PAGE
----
Iterate();
    }
}, TaskCreationOptions.LongRunning);


private void Iterate()
{
    bool marketDataUpdated = false;

    foreach (Order order in ordersToRegister)
    {
        marketDataUpdated = true;
        // Stage1, Process
    }

    foreach (var entry in aggrUpdates)
    {
        marketDataUpdated = true;
        // Stage1, Process
    }

    foreach (var entry in commonUpdates)
    {
        marketDataUpdated = true;
        // Stage1, Process
    }

    foreach (var entry in infoUpdates)
    {
        marketDataUpdated = true;
        // Stage1, Process
    }

    foreach (var entry in tradeUpdates)
    {
        marketDataUpdated = true;
        // Stage1, Process
    }

    if (marketDataUpdated)
    {
        // Stage2 !
        // make a lot of work. expensive operation. recalculate strategies, place orders etc.
    }
}

private readonly ConcurrentQueue<Order> ordersToRegister = new ConcurrentQueue<Order>();

private readonly ConcurrentQueue<AggrEntry> aggrUpdates = new ConcurrentQueue<AggrEntry>();

private readonly ConcurrentQueue<CommonEntry> commonUpdates = new ConcurrentQueue<CommonEntry>();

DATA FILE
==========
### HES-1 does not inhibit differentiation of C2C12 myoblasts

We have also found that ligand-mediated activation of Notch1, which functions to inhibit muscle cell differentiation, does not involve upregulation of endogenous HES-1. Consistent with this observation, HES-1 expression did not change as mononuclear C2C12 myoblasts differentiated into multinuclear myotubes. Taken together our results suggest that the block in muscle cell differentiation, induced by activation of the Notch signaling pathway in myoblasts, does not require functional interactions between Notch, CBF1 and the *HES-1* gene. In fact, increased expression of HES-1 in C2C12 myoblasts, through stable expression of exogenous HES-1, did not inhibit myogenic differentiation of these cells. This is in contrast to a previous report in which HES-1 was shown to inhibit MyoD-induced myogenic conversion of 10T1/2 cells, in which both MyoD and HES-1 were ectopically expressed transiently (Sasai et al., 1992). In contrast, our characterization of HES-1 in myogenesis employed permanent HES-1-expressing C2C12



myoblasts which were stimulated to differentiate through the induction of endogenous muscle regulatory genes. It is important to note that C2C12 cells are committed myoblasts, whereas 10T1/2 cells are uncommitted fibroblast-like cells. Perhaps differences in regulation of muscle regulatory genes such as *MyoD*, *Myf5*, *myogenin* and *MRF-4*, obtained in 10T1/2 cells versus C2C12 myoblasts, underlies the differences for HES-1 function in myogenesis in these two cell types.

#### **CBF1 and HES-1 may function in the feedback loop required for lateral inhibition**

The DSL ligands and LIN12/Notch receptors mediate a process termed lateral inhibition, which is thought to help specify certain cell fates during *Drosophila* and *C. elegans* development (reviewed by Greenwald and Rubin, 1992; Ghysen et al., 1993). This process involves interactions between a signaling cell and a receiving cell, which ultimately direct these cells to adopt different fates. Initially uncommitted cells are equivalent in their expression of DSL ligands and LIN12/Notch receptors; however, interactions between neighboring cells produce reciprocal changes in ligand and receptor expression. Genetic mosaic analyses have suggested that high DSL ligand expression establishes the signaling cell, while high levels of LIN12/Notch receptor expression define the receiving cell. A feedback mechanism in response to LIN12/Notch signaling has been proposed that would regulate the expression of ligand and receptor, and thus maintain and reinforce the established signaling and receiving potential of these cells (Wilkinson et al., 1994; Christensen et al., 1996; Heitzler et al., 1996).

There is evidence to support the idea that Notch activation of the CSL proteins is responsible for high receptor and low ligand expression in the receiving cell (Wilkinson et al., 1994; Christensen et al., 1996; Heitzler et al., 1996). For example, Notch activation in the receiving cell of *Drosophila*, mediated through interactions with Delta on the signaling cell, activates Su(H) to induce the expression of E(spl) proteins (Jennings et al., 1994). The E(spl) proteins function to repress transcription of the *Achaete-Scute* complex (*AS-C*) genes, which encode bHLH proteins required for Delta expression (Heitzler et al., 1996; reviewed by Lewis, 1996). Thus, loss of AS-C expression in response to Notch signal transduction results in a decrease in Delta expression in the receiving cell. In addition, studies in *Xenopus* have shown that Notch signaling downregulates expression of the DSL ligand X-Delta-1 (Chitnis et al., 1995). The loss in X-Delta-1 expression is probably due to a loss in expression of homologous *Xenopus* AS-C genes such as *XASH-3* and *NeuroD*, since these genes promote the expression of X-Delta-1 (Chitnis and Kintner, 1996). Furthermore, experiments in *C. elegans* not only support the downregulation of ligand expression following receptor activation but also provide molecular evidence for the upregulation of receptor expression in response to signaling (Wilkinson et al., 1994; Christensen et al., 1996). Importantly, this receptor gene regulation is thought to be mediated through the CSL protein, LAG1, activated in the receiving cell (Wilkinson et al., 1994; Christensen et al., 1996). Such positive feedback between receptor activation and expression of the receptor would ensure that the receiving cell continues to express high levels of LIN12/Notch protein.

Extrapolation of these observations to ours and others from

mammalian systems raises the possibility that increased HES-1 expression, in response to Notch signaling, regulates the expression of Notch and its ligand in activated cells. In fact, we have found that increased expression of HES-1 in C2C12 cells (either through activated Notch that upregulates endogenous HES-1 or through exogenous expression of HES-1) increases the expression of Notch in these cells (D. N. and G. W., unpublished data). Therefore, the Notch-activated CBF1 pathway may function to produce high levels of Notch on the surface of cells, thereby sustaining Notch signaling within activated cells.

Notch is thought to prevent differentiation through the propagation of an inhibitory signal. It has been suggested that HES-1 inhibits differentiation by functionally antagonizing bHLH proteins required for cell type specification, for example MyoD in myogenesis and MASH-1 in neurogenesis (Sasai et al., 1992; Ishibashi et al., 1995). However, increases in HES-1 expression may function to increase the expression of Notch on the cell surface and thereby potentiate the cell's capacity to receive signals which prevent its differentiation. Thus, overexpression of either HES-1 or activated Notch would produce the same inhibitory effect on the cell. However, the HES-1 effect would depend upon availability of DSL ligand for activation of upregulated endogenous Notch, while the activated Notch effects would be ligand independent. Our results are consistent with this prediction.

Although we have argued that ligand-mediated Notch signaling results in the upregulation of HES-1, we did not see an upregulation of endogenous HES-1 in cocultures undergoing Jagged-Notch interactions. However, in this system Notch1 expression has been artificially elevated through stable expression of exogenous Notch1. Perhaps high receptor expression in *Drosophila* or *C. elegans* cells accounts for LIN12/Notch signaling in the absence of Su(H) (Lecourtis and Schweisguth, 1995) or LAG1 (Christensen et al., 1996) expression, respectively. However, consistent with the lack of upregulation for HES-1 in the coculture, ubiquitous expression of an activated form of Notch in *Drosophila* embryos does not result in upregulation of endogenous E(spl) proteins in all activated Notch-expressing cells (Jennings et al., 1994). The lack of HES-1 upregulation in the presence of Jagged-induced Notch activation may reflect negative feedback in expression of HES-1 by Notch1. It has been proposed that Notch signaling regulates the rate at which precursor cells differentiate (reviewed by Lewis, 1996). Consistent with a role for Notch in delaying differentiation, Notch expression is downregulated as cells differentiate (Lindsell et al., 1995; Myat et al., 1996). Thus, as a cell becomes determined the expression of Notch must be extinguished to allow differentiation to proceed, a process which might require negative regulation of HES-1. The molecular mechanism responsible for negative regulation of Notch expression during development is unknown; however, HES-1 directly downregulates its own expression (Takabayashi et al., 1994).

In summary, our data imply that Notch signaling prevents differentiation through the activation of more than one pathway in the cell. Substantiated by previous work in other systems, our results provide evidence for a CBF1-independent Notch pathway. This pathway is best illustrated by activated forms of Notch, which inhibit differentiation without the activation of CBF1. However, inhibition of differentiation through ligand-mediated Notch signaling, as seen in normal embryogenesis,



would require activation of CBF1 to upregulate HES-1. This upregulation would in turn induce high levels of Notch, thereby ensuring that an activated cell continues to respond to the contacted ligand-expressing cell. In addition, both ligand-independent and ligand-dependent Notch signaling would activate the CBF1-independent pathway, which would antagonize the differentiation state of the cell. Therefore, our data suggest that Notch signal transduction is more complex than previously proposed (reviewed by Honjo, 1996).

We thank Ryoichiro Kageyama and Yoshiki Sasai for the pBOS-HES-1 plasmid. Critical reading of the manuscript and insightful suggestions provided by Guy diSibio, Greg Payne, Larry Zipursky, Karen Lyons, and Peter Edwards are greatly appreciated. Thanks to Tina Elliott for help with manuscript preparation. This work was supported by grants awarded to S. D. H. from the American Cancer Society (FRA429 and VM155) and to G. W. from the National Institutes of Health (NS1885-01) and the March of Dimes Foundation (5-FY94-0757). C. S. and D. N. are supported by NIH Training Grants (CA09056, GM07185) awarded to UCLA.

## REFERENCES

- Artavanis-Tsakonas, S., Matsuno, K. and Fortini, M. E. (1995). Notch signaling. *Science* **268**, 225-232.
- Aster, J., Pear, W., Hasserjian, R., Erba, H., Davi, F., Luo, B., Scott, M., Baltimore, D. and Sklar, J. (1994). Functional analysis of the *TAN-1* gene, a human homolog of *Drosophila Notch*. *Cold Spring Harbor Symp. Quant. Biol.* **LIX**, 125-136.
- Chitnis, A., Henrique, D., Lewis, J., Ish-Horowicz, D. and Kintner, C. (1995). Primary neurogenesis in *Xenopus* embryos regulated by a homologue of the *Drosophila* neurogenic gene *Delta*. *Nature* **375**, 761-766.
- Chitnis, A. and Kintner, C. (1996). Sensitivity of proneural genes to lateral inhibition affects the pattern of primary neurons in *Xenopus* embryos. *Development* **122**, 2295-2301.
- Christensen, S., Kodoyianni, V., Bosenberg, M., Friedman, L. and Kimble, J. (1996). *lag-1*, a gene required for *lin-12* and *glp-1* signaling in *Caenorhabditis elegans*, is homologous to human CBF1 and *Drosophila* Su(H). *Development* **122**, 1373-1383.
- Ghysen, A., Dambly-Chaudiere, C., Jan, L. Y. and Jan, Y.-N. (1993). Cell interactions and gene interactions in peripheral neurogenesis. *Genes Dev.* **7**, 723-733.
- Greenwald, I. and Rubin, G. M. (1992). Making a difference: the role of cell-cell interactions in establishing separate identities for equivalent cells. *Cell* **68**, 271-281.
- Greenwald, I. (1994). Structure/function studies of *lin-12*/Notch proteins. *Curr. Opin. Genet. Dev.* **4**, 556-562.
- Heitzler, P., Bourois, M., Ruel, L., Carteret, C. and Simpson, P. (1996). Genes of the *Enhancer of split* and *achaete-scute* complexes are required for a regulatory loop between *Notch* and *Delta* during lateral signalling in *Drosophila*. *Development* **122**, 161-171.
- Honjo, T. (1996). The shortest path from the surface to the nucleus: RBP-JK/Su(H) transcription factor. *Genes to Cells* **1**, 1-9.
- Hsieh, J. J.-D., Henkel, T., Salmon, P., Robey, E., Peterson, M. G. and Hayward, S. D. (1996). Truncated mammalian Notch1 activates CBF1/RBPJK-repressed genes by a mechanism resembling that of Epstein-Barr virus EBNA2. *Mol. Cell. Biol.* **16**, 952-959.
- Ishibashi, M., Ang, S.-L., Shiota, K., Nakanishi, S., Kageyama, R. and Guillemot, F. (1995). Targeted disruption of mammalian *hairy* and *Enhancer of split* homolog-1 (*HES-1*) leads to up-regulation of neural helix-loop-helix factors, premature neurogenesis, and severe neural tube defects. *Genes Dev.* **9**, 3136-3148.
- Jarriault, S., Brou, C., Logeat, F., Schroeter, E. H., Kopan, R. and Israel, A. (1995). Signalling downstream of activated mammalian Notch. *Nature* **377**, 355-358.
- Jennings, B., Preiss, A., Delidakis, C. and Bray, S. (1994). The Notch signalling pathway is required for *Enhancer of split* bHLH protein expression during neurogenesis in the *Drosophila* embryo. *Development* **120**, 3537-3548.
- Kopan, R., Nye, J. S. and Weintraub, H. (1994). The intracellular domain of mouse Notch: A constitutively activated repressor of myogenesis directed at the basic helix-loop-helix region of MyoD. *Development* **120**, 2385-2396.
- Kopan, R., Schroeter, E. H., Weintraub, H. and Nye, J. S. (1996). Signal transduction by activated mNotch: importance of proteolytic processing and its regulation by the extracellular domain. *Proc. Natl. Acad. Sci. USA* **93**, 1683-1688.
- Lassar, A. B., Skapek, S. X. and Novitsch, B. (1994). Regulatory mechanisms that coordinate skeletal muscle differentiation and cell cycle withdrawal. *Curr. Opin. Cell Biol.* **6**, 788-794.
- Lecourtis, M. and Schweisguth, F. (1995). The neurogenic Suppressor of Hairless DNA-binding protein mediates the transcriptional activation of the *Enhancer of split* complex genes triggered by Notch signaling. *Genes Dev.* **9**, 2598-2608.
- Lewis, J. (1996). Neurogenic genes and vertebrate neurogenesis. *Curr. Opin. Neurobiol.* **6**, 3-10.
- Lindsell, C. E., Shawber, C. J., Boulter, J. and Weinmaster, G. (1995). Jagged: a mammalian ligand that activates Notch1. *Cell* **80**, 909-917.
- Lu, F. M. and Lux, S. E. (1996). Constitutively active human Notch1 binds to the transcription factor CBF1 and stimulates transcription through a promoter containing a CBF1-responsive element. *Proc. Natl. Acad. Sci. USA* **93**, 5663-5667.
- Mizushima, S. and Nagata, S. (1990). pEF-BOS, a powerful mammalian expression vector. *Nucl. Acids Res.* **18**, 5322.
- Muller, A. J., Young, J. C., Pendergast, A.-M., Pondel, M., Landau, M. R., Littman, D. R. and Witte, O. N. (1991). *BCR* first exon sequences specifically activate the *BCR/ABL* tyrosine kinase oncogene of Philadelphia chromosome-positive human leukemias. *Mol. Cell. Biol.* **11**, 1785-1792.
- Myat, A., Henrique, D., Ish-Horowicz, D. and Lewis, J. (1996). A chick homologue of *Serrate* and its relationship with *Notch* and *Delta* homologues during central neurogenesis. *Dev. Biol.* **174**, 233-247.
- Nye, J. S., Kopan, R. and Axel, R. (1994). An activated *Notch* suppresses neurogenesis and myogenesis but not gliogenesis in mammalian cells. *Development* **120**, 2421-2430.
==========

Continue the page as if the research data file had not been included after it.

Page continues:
private readonly ConcurrentQueue<InfoEntry> infoUpdates = new ConcurrentQueue<InfoEntry>();

private readonly ConcurrentQueue<TradeEntry> tradeUpdates = new ConcurrentQueue<TradeEntry>();

    public void RegistorOrder(object sender, Gate.RegisterOrderArgs e)
    {
        ordersToRegister.Enqueue(e.order);
    }

    public void TradeUpdated(object sender, Gate.TradeArgs e)
    {
        foreach (var entry in e.entries)
        {
            tradeUpdates.Enqueue(entry);
        }
    }

    public void InfoUpdated(object sender, Gate.InfoArgs e)
    {
        foreach (var entry in e.entries)
        {
            infoUpdates.Enqueue(entry);
        }
    }

    public void CommonUpdated(object sender, Gate.CommonArgs e)
    {
        foreach (var entry in e.entries)
        {
            commonUpdates.Enqueue(entry);
        }
    }

    public void AggrUpdated(object sender, Gate.AggrArgs e)
    {
        foreach (var entry in e.entries)
        {
            aggrUpdates.Enqueue(entry);
        }
    }
share|improve this answer
    
thanks, well that's what i've done. I'm still locking but inside ConcurrentQueue. That would be portability issue when i decide to port to Linux. –  javapowered Mar 3 '13 at 20:21
add comment

Here is an approach that might be more portable. Hope it helps.

public class SafeQueue<T> : Queue<T>